In his introduction to The Beatles vs. The Rolling Stones: Sound Opinions on the Great Rock ‘N’ Roll Rivalry, Jim DeRogatis acknowledges that his and co-writer Greg Kot’s opinions may “make you curse one or the other of us as you consider hurling this book across the room...” Indeed I considered hurling their point-counterpoint on various aspects of Rock & Roll’s two biggest acts across my room more than once. But I refrained from doing so because this book is just too damn beautiful to treat with such violence. In an era when more and more people are reading books on creepy little handheld devices, Voyageur Press has made the real thing that much more attractive by creating a lavish package. In homage to the Satanic Majesties Request album jacket, the book cover features a neat hologram that reveals the faces of either the ’63 Beatles or the ’68 Stones depending on the angle at which you view it. Within that cover you’ll find loads of wonderful full-color and lovely B&W photos of the Fab Eleven (that’s Misters Lennon, Jagger, McCartney, Richards, Harrison, Watts, Starr, Wyman, Jones, Taylor, and Wood) and their related memorabilia. A great deal of these pictures was new to me, and I’ve read my share of books on The Beatles and The Stones.
I may seem to be spending undue space here going on about the design of The Beatles vs. The Rolling Stones, but it really is a major attribute of a book that can basically be read in a couple of hours. DeRogatis and Kot are the co-hosts of the music chat show “Sound Opinions”, and their book is apparently a lot like a transcript of one of their programs (admittedly, I’ve never listened to “Sound Opinions” because talk radio puts me to sleep). I really liked the format: a couple of Rock & Roll geek pals argue about whether The Beatles or The Stones were better conjurers of psychedelic rock or if McCartney or Wyman was the superior bassist (no contest, of course), etc. Theirs is certainly a fresh approach to two bands that have been written about and written about and written about and written about. The problem is their tendency to be dismissive without really supporting their opinions. If McCartney’s “Blackbird” is one of his definitive performances while “Oh! Darling”, in DeRogatis’s words, “just sucks,” I’m going to need a little more explanation. And good luck finding a Beatles fan who won’t be completely turned off by DeRogatis’s opinion that the Yellow Submarine film is “a turd” or a Stones freak who isn’t confounded when he writes off the amazing “Rolling Stones Rock and Roll Circus” as nothing more than a “cheesy Big Top conceit.” DeRogatis’s opinions are particularly difficult to take seriously when he regularly makes sloppy errors that even the most novice fan of these bands will spot. He mistakenly credits a line in “Getting Better” Lennon wrote to McCartney, states that “Day Tripper” and “Paperback Writer” appeared on either side of the same single, and most embarrassing of all, rates “You Can’t Always Get What You Want” among Charlie Watts’s five greatest performances. Anyone who has ever perused the inner sleeve of Let It Bleed knows that Jimmy Miller played drums on that track. Kot pulls a couple of boners, too, when he applauds Brian Jones for playing the oboe on “Ruby Tuesday” and the recorder on “Back Street Girl”. DeRogatis’s suggestion that “She’s a Rainbow” is “about oral sex with a woman who’s having her period” is simply bizarre. Equally bizarre is when he holds up “You Gotta Move”—Jagger’s most outrageously mannered blues performance— as a rare example of the singer’s sincerity. Huh?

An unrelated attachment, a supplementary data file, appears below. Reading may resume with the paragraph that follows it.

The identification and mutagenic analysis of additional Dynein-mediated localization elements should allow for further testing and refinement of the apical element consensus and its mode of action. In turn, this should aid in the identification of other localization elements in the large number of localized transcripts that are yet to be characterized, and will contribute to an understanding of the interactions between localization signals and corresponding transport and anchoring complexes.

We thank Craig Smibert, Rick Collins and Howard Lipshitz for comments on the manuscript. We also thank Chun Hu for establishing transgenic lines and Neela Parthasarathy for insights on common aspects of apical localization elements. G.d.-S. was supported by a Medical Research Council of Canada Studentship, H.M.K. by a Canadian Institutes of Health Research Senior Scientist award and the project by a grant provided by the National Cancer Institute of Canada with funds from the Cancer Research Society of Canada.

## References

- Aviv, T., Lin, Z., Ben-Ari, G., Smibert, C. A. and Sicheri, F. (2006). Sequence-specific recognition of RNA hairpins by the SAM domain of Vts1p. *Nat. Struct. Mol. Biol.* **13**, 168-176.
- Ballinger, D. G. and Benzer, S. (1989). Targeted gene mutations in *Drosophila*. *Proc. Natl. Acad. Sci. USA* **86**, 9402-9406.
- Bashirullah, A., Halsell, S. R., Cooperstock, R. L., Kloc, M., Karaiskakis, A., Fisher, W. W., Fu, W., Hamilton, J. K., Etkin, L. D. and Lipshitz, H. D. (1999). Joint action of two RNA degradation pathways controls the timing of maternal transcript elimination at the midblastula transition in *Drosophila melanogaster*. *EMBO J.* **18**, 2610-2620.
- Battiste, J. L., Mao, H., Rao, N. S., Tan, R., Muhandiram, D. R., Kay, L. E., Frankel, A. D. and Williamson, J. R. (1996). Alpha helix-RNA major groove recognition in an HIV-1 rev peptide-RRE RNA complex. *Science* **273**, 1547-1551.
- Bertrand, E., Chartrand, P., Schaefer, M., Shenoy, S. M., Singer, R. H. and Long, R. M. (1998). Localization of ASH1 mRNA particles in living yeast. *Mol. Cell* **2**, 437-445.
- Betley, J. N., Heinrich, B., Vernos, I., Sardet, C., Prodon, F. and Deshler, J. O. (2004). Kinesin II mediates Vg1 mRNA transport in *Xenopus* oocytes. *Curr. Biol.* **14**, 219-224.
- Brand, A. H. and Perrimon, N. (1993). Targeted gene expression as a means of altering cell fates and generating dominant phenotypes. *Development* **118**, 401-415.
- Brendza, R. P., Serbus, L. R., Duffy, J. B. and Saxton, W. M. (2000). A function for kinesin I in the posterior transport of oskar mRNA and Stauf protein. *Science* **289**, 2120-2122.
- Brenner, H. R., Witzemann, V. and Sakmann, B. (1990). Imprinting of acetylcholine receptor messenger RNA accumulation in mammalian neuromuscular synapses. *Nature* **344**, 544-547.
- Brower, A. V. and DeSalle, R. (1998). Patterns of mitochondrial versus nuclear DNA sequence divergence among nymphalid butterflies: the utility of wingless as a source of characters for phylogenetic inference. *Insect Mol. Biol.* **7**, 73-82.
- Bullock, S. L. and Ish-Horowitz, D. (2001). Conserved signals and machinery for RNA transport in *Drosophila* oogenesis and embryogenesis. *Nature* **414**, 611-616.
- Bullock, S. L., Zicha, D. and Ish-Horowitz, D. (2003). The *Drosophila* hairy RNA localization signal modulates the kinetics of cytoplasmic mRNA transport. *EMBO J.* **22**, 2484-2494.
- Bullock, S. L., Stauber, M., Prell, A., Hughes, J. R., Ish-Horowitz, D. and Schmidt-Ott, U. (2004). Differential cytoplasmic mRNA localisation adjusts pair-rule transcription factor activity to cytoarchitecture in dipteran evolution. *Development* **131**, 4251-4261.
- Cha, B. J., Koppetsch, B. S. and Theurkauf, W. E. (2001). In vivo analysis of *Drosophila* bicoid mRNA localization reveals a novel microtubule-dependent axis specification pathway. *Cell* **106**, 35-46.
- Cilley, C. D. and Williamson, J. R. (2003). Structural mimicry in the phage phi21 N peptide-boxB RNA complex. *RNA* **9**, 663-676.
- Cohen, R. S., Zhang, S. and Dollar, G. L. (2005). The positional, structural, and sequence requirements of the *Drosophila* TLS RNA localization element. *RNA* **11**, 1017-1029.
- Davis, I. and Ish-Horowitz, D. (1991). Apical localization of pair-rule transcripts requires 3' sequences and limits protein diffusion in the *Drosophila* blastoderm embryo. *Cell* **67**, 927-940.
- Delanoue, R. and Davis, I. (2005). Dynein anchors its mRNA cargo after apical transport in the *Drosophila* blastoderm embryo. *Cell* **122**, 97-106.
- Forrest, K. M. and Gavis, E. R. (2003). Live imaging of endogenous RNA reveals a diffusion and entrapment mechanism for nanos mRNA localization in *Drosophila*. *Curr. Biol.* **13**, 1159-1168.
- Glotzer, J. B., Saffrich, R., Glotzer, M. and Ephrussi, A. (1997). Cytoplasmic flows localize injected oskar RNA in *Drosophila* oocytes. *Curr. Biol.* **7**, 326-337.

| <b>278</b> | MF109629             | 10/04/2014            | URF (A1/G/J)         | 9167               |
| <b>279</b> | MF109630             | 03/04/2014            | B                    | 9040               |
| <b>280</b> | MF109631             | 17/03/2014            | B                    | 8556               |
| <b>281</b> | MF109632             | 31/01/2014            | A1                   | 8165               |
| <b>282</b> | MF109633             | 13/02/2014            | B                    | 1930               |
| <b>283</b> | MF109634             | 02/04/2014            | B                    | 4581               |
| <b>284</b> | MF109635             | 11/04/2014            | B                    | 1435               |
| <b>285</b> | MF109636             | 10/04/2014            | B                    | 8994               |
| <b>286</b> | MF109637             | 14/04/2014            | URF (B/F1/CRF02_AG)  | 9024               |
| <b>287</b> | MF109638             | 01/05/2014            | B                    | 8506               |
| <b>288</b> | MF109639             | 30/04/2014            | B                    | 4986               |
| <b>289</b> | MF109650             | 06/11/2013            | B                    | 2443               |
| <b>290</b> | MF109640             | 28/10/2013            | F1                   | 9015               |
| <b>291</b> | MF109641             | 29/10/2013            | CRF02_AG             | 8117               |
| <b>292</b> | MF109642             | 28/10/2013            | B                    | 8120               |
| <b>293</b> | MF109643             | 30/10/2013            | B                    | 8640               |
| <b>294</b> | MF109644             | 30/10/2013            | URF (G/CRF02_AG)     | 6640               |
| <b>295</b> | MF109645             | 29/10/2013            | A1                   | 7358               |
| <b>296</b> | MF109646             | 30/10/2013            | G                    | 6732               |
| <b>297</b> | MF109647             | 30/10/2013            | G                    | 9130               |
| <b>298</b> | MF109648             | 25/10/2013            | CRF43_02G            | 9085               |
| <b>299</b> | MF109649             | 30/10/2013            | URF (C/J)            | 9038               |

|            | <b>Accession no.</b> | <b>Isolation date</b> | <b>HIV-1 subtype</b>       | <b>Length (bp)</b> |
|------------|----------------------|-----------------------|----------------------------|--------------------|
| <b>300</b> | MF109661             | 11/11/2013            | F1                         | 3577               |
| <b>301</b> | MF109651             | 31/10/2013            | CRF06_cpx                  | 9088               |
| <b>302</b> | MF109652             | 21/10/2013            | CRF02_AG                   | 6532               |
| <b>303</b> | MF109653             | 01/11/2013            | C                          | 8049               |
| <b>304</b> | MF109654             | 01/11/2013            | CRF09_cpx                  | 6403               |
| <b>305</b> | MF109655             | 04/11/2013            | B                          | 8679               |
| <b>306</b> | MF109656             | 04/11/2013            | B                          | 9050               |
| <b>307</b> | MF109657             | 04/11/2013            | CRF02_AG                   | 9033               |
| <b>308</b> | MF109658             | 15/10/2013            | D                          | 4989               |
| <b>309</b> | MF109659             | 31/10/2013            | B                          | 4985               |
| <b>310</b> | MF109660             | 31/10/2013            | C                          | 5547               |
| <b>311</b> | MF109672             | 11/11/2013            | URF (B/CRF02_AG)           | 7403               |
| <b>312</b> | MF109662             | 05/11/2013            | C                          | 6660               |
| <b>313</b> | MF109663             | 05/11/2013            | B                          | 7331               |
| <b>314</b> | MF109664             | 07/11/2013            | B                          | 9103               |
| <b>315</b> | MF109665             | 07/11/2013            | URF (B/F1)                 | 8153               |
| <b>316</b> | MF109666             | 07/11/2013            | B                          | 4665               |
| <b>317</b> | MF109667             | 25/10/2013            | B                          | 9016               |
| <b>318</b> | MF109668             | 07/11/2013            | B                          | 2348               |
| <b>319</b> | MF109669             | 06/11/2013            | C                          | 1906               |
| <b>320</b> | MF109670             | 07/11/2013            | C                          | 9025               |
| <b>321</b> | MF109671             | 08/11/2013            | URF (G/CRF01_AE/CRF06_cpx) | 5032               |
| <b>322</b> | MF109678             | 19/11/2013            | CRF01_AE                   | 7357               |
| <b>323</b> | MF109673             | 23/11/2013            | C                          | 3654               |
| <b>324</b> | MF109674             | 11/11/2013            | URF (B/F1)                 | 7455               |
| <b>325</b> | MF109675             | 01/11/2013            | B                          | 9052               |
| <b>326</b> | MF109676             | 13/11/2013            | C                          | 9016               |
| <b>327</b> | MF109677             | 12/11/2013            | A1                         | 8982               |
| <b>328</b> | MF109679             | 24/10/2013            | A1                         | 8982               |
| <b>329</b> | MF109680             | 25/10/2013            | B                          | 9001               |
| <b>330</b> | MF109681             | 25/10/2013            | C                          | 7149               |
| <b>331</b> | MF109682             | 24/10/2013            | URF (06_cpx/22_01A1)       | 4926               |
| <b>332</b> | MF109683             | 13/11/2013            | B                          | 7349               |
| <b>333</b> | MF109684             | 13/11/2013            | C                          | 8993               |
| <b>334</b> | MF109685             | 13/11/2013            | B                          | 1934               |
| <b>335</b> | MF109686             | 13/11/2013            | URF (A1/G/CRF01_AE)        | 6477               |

Regardless of the quality of their criticism, I liked the fact that DeRogatis and Kot seriously discussed topics that generally get overlooked in a lot of books about these bands, such as Wyman’s bass playing, Harrison’s guitar skills, and The Stones’ psychedelic phase (and I must doff my pointy Merlin cap to DeRogatis for having the guts to say what we've all known for 40-odd years: Satanic Majesties is better than Sgt. Pepper's). And though the book does suffer from its errors, offhand criticisms, and weird assertions, it’s a quick, breezy, and generally fun read. Any fan who already thinks “The White Album” is a better record than Exile On Main Street will not change his/her mind after reading the guys’ contrary argument, but that fan may next find him/herself sprinting to the turntable to hear those records with fresh ears. And that’s exactly what DeRogatis and Kot intended when they wrote this book.
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